Most years as St. Patrick’s Day approaches, I start to listen for the wood frog’s song. There is a swamp and a pond near Schoolmates. These are favorite breeding spots for wood frogs. I love it when the frogs arrive! Their familiar call is an early sign of spring, and sharing the frogs with my kids and the Explorers is the best!
At the end of February, I took a hike in Canfield Woods, a local nature preserve in Deep River and Essex, Connecticut. At the top of the hill, where all the trails meet, there is a vernal pool. (Read Barking Frog Farm’s post on Vernal Pools.) As I approached this trail head, called The Gap, I heard the quacky call of the wood frogs. They were early, but I was not surprised. The weather in Connecticut has been unseasonably mild. I walked to the edge of the pool and looked for the frogs. The frogs often float on tops of the water. I could see a dozen. So much fun!
When I got back to my car at the end of the hike, I texted Lori and Kelly, fellow teachers at Schoolmates, that the wood frogs were out at Canfield Woods. Lori texted back that Rowan, an Explorer, and his dad had delivered two woods frogs to school that afternoon.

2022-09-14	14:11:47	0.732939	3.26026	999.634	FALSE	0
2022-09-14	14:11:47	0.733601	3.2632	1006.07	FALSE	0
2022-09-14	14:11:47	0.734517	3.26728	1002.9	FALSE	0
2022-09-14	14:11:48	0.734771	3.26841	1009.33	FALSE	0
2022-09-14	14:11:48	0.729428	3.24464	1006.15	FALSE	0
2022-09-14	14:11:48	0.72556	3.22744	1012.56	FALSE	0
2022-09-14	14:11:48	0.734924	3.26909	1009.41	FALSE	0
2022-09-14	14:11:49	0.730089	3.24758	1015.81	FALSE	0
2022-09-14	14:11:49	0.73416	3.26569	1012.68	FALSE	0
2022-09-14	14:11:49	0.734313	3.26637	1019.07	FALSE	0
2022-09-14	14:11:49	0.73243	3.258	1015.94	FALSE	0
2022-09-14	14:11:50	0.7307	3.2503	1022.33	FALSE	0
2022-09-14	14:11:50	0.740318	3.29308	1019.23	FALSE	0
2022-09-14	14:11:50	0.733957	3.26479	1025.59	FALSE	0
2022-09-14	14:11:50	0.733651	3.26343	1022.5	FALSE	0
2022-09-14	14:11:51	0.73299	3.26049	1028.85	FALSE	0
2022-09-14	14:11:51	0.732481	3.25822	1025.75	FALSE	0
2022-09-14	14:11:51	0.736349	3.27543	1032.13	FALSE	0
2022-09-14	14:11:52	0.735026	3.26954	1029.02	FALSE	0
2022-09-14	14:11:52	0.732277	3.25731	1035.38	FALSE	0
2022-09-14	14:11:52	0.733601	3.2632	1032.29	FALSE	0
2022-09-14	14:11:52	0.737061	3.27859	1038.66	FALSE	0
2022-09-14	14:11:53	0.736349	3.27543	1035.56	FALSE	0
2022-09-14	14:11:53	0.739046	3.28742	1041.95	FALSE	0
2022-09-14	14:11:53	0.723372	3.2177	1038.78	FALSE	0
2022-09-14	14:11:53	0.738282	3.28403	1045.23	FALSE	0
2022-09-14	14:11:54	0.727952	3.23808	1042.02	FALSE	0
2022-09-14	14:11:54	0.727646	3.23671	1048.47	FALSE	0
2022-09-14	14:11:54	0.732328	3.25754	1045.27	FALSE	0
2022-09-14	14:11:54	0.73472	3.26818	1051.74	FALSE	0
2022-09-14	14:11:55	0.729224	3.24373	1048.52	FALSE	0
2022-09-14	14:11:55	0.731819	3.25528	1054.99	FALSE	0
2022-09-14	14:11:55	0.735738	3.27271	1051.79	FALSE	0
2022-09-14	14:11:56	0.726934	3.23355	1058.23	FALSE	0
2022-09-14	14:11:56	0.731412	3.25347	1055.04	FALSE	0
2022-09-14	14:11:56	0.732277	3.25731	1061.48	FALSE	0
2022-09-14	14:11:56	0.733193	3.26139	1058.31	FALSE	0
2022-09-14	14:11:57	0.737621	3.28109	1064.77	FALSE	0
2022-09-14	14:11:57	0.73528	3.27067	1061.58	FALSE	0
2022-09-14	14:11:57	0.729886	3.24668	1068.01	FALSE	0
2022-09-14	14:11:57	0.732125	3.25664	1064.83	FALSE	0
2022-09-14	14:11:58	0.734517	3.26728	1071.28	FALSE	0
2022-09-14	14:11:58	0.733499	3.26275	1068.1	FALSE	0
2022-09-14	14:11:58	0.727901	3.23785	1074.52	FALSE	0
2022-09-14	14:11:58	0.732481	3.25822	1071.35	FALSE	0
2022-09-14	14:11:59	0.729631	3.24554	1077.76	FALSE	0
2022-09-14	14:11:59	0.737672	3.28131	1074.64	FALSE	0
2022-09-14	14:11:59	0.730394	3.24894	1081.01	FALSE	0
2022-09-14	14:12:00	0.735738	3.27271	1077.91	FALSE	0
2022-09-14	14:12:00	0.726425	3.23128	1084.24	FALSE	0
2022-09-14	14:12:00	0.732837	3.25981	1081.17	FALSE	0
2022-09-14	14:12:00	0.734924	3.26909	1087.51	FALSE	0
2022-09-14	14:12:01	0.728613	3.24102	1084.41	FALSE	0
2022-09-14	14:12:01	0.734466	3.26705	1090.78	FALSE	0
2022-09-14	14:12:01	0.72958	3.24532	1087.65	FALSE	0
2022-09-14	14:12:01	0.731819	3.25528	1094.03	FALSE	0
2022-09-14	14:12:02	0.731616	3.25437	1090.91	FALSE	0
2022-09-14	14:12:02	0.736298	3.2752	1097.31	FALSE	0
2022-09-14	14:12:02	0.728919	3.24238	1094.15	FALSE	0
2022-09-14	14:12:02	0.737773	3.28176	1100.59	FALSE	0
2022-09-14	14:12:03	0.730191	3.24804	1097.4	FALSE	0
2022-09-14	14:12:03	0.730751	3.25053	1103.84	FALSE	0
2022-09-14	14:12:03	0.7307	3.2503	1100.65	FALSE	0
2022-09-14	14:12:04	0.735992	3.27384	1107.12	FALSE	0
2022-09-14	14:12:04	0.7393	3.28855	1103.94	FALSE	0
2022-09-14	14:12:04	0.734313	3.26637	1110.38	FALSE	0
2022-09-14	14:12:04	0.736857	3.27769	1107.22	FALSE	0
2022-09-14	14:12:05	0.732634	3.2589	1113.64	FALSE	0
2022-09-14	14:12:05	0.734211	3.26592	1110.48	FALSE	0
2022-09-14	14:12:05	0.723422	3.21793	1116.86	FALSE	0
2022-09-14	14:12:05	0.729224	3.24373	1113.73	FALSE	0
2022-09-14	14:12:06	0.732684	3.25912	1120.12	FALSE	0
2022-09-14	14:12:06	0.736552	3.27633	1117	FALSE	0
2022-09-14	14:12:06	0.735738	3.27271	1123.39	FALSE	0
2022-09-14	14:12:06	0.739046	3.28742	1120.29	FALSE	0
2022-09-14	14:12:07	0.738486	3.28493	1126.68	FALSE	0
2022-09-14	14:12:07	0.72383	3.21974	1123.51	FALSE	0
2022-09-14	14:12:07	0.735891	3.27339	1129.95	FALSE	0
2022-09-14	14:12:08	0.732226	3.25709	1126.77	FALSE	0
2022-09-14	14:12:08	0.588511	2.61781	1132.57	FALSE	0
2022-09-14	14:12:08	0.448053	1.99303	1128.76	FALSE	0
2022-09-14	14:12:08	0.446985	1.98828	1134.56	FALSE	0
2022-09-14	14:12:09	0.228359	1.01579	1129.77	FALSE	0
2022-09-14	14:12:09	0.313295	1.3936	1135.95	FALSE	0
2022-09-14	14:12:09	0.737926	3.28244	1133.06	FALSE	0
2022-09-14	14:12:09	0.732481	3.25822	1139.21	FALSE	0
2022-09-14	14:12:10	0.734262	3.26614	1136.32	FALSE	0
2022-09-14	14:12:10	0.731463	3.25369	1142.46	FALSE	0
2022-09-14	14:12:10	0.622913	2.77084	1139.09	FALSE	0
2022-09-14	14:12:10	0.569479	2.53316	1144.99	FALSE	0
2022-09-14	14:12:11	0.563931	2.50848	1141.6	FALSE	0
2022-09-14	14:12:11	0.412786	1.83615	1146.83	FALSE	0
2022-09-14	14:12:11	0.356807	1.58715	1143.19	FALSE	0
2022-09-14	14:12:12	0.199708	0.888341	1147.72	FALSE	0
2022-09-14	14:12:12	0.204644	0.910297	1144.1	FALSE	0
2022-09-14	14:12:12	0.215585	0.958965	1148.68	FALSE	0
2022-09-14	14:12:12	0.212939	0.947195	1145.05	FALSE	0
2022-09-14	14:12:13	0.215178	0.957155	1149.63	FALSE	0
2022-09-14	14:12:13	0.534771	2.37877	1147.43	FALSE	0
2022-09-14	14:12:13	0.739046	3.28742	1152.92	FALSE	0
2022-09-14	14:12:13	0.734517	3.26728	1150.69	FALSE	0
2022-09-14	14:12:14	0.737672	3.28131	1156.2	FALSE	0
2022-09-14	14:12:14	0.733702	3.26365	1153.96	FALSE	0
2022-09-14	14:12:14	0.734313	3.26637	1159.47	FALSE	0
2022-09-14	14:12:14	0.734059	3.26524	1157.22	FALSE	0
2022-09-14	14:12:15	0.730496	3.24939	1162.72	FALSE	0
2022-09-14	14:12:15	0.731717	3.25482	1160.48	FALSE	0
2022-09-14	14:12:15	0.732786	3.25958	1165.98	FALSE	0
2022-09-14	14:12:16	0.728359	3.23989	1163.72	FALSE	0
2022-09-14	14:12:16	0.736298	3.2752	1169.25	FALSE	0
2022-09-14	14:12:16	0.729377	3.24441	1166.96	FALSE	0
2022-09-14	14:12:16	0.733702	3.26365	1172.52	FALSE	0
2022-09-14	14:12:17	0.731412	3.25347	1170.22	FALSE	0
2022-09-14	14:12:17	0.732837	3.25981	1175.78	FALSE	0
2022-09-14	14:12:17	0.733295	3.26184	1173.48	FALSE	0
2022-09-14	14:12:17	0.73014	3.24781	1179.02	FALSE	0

The next day, the frogs were given a place of honor on the art table in our classroom. The Explorers watched them and drew pictures of them.
Each year, during woods frog season, I learn something new about this enchanting frog. This year I learned that the wood frog is the only frog species that lives north of the Arctic Circle. I also learned more about
its mating process. The male frog wraps his front legs around the chest of the female and waits for her to lay her eggs. As she lays them, he deposits his sperm on them.
The best wood frog fact, in my opinion, is that in the winter their bodies freeze. As much as 65% of the water in a wood frog’s body turns to ice. Its heart stops beating, and it stops breathing. When spring arrives, the wood frog thaws out and hops away.